As previously reported in our 11/11/2019 immigration alert, on 11/14/2019 the USCIS published a proposed fee schedule and there is now a 30-day comment period.
To submit a comment, please read through to the end of this alert.
The proposed rule would force USCIS customers to pay more for less. USCIS is proposing a 21% overall fee hike without offering evidence that this increase will reverse the ongoing deterioration of the agency's services. In fact, the rule would further weaken USCIS's case processing standards. If implemented, families, asylees and American businesses would face the dual burden of increased fees and decreased services.
The proposed fee hikes, coupled with the elimination of vital fee waivers, would price many individuals and families out of our legal immigration system. If the rule is implemented, application fees for green cards, along with associated work and travel authorization, would surge by 79%, and applications for citizenship would increase by 83%. The rule would also significantly raise fees for DACA renewal requests. Taken together, these changes constitute yet another brick in the "invisible wall" restricting legal immigration.
USCIS should rescind its inefficient policies rather than ratchet up fees to subsidize them. In recent years, USCIS's own inefficient policies, including significant increases in RFEs, have become core drivers of its crisis-level processing delays. Now the agency is proposing higher fees to fund their continued inefficiency. To fix the backlog, the agency should start by ending bad policies - not by raising fees to underwrite them.
The rule's proposed transfer of over $200 million in USCIS filing fees to ICE (Immigration & Customs Enforcement) defies the agency's service-oriented statutory mandate. Congress created USCIS to function as a service-oriented immigration benefits agency, distinct from the immigration enforcement missions of ICE and CBP (Customs & Border Protection). Yet the proposed transfer of funds to ICE for enforcement purposes makes clear that USCIS is prioritizing ICE's work over its own.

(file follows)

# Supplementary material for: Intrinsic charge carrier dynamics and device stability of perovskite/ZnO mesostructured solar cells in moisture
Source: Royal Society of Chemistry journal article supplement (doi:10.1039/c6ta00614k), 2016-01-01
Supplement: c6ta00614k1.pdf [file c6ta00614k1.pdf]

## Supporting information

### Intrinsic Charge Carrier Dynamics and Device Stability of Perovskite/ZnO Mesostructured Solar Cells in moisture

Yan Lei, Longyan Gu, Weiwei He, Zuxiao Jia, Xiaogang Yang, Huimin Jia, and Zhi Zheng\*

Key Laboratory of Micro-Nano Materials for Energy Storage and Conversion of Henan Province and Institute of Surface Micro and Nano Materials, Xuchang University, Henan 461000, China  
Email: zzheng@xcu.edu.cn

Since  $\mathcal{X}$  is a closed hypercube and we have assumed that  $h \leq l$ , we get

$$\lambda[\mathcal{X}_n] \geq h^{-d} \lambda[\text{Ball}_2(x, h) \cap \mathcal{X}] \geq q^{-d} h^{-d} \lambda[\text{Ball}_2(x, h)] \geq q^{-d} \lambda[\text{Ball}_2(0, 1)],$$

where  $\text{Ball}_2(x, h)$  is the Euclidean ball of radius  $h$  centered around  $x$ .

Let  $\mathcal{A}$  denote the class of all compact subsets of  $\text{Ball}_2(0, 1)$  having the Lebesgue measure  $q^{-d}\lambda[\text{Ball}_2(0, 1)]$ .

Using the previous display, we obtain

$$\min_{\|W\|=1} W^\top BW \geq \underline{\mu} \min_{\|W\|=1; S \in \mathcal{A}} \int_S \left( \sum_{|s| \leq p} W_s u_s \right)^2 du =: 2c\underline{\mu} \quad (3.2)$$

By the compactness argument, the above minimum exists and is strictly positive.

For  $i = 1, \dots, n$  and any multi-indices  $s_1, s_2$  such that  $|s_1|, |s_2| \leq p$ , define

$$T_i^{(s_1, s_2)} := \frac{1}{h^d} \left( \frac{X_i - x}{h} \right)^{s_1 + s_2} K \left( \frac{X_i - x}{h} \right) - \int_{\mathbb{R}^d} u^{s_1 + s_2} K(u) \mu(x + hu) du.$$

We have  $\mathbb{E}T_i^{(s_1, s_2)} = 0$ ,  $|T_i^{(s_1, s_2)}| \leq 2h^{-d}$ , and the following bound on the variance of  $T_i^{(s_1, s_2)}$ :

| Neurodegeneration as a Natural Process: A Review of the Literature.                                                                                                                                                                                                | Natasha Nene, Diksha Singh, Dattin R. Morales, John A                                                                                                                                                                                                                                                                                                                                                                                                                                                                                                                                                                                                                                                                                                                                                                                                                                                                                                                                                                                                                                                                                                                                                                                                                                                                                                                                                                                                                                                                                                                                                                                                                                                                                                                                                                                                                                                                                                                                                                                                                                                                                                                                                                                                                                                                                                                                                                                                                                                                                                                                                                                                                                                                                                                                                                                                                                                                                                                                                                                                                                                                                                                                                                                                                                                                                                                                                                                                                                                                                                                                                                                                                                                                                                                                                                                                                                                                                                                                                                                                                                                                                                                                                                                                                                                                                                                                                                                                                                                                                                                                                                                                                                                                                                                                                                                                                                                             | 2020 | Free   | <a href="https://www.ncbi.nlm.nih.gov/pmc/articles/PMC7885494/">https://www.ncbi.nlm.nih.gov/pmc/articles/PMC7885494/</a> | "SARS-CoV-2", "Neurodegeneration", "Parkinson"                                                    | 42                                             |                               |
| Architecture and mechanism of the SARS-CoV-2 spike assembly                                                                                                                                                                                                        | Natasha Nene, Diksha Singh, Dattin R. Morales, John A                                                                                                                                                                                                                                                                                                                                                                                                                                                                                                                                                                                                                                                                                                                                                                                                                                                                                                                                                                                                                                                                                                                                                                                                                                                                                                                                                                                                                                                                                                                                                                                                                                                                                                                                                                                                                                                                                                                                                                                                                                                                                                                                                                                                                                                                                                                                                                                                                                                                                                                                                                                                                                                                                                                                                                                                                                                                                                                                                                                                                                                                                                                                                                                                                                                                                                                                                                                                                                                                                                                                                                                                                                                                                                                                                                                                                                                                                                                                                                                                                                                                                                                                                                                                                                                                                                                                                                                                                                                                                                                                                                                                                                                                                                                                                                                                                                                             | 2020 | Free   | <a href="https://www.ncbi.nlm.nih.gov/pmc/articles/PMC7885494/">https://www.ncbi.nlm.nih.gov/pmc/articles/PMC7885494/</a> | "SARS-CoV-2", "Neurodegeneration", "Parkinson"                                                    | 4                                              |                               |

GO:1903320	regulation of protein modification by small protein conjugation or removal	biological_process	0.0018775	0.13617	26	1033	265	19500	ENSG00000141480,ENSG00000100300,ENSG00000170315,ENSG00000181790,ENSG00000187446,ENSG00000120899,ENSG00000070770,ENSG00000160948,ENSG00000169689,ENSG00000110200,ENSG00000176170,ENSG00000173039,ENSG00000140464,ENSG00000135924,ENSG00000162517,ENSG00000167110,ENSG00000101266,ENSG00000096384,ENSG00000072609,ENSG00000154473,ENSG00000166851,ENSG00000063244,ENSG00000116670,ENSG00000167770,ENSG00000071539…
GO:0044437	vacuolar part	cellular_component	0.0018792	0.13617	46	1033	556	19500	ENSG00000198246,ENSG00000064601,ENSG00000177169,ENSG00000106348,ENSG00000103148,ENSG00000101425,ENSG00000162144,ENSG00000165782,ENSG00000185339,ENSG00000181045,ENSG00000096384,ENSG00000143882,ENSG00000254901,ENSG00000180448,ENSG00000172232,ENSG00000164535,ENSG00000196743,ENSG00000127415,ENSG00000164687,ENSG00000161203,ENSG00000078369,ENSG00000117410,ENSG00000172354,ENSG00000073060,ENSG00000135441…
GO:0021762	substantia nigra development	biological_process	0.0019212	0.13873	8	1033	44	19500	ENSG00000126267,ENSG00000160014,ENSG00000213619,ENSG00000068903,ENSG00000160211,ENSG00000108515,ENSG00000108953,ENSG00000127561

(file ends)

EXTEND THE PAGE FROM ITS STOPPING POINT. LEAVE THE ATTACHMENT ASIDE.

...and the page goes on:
Though the rule seeks to justify its fee increases in part by citing a need for more staffing, in recent years, the rate of new applications and petitions filed with USCIS has declined appreciably and the agency diverted hundreds of its employees to perform enforcement work for ICE and CBP rather than having them adjudicate applications as they are supposed to.
The proposed rule is bad for business. Among other harmful changes, the rule relaxes the premium processing deadline from 15 calendar days to 15 business days, which will result in slower adjudications at higher prices, and as a consequence, slower hiring for American businesses.
Further, consistent with longstanding practice, USCIS should also extend the comment period for the proposed rule from 30 to 60 days.
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